This dinner was served to those who serve.
A Downtown organization that provides Arab immigrants and refugees with support services hosted a Ramadan dinner at their Court Street headquarters on May 24 to honor the people, volunteers, and organizations making a difference in their community.
“We’re celebrating the doers — the ones that see a need and help out and show compassion,” said the executive director of the Arab-American Family Support Center, Rawaa Nancy Albilal.
The iftar — the evening meal at which Muslims break their day-long fast at sunset during the month of Ramadan — celebrated the organization’s own volunteers, along with those from local organizations New York Cares and Kids for a Better Future, who all serve more than 6,000 people annually through the organization’s language, health, and literacy classes, plus their counseling and legal services, among others.
The meal — featuring chicken with herbs and spices, samosas, and saffron rice from the nearby Yemen Café — began with the adhan, the Islamic call to worship that signifies the times for the five daily prayers. Rabbi Marcelle Hohl and Father Joseph Nugent, from the neighborhood’s Saint Paul’s Church, also gave interfaith blessings, which Albilal said underscored both the spirit of Ramadan and the importance of bringing people of different faiths together.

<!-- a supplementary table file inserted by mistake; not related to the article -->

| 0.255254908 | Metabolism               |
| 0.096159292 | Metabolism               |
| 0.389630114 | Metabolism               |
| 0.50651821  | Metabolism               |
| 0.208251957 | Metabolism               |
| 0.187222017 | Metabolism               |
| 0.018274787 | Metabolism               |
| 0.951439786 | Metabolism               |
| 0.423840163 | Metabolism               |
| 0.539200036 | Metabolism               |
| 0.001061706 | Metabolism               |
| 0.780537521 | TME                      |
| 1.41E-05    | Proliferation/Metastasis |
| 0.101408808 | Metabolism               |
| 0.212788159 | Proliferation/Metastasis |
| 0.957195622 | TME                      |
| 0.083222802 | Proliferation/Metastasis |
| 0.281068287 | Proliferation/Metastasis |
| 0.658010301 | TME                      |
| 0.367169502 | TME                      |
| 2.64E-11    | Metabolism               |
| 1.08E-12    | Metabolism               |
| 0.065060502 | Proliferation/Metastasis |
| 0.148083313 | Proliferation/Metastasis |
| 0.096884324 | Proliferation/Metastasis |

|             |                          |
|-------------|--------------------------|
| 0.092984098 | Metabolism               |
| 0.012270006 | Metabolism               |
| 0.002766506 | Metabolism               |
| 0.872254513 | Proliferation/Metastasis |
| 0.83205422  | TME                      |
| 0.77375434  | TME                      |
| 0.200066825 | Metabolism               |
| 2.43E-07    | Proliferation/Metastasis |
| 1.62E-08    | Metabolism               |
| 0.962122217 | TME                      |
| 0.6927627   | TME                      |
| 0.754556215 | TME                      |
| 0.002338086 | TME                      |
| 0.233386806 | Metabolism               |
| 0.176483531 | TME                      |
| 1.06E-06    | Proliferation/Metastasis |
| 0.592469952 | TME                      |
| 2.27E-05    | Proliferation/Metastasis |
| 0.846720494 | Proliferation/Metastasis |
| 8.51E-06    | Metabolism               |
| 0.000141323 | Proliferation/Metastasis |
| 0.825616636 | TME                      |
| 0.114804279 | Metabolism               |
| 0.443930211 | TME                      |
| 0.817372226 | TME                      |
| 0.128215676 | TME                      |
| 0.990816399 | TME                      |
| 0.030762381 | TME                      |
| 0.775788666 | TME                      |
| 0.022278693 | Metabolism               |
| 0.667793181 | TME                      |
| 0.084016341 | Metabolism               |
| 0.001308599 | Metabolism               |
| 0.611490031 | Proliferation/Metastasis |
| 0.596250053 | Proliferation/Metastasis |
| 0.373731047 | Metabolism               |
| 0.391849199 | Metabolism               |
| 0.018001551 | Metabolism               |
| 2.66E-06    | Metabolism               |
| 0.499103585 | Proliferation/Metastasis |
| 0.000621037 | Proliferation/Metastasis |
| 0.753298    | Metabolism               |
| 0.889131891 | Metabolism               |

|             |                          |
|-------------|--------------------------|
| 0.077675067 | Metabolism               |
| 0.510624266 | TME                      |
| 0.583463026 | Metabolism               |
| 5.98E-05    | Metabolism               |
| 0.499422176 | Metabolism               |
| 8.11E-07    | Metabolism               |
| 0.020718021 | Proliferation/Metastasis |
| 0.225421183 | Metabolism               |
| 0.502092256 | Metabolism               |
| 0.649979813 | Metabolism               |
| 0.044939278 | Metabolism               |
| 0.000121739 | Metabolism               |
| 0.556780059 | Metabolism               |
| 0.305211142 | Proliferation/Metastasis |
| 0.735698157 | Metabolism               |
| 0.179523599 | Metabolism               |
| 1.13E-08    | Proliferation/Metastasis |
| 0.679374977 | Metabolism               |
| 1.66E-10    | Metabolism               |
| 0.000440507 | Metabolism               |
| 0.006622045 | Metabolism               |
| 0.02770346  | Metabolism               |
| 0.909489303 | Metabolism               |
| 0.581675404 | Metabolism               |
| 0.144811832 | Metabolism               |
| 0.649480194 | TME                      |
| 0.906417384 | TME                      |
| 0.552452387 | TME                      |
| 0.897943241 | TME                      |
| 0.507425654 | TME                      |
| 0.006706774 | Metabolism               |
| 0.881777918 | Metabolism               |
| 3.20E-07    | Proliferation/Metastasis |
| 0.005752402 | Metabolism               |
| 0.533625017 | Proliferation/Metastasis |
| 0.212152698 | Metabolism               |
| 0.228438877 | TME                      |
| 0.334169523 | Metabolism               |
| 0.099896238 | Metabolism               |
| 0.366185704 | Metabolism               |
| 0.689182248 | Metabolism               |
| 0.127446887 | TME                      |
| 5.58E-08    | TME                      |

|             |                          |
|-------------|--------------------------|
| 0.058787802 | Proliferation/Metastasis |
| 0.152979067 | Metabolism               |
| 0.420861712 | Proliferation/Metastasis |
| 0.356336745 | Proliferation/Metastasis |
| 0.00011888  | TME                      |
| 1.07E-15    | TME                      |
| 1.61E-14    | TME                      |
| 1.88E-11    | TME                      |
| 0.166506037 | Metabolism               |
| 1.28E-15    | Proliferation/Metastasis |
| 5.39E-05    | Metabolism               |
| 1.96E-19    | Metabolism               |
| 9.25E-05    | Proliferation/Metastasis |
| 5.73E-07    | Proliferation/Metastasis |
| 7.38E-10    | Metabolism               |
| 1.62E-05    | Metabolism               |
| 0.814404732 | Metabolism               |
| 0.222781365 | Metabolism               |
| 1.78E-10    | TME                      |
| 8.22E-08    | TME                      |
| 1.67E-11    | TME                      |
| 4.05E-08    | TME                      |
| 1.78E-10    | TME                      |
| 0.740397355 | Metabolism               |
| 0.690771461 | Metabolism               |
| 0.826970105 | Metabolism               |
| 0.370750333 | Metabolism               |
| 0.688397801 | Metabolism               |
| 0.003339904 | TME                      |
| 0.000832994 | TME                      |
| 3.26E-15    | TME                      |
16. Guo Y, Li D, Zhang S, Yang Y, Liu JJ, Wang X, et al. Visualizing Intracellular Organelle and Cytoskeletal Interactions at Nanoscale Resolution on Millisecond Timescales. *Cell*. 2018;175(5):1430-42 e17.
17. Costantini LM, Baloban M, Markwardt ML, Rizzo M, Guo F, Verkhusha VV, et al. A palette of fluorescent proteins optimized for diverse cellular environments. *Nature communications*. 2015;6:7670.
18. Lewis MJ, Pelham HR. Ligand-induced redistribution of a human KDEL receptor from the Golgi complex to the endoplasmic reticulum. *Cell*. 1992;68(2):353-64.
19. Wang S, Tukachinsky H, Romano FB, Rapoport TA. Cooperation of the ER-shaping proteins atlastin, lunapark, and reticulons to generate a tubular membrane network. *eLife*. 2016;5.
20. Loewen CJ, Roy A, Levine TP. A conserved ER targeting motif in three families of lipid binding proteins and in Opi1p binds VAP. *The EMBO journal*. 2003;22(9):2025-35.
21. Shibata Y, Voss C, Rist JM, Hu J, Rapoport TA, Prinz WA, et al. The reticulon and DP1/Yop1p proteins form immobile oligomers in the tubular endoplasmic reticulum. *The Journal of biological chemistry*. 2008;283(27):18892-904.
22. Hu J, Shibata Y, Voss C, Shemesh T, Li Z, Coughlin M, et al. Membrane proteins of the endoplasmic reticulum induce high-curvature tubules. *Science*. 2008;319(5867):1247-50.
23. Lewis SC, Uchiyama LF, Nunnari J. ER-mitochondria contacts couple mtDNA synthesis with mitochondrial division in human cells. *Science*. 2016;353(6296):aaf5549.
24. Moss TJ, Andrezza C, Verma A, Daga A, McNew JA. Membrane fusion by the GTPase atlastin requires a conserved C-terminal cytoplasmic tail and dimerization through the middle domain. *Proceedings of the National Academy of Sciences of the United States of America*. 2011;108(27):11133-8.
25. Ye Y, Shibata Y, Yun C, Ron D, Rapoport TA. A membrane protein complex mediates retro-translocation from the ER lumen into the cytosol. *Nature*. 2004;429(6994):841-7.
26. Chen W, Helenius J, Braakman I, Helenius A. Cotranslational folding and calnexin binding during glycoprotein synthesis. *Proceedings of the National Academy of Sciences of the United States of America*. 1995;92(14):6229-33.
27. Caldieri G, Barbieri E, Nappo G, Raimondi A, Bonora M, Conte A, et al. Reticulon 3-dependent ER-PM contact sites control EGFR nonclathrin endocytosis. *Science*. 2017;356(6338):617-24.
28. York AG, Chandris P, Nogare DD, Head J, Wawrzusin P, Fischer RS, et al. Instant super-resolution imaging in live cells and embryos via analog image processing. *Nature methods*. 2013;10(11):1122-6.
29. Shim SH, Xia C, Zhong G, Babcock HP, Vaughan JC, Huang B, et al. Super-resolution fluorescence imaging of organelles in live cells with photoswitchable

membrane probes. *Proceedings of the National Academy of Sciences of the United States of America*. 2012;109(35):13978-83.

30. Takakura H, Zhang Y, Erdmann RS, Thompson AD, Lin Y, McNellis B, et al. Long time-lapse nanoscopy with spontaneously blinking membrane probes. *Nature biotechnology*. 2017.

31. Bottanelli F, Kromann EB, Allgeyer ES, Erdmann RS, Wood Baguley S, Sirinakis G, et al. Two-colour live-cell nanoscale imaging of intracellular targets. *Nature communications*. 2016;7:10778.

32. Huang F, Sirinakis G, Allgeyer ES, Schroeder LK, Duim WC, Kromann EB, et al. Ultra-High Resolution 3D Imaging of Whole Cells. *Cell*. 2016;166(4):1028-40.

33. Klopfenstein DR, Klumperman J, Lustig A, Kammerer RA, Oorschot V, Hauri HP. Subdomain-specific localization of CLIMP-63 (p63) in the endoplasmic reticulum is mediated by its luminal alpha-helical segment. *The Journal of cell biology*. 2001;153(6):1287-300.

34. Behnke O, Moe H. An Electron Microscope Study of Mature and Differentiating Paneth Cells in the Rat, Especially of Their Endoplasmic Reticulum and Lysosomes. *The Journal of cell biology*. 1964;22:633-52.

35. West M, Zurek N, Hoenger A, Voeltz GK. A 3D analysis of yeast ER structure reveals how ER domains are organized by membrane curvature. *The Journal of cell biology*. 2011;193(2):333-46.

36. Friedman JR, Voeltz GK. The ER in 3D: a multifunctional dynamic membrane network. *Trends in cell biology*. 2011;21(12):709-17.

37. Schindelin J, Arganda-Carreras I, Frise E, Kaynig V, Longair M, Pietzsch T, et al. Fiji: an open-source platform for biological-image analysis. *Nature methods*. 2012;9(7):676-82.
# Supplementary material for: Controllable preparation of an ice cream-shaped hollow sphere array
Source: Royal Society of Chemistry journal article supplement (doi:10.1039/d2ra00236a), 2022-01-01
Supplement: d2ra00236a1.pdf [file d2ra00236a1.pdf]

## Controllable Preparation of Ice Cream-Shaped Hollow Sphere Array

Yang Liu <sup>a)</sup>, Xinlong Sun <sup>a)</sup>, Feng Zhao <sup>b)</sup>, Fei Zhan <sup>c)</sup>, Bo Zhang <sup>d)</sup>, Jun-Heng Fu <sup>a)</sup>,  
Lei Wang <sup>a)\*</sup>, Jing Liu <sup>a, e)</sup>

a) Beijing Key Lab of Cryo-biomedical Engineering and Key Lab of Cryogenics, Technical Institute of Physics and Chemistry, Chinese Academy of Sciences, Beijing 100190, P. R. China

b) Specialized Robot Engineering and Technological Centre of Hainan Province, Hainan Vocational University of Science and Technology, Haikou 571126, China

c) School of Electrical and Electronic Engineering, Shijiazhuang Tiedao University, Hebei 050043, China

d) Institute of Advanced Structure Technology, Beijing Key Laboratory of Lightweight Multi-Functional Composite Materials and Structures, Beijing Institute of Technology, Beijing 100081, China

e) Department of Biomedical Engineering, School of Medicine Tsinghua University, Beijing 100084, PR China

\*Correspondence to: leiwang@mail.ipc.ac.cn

“The interfaith blessing goes with the action-oriented initiative because it takes all of us to make a difference,” she said. “Ramadan is about peace, harmony, and knowing one another. There’s a verse in the Quran that says, we made you in different languages and different cultures so you can know one another.”
Local leaders — including the commissioner of the Mayor’s Office of Immigrant Affairs, Bitta Mostofi — mingled with youngsters, the organization’s volunteers, and some of the refugee families that the organization’s director of community outreach, Amed AlFaraji, helps resettle in the borough through its New Immigrants and Refugees Fund.
The organization’s board chairman, Joseph Botros, said the Arab-American Family Support Center’s longtime home in the borough is the perfect place for it to continue to thrive, since Kings County’s inhabitants come from all around the world.
“Brooklyn is a melting pot,” he said. “We try to bring people together.”
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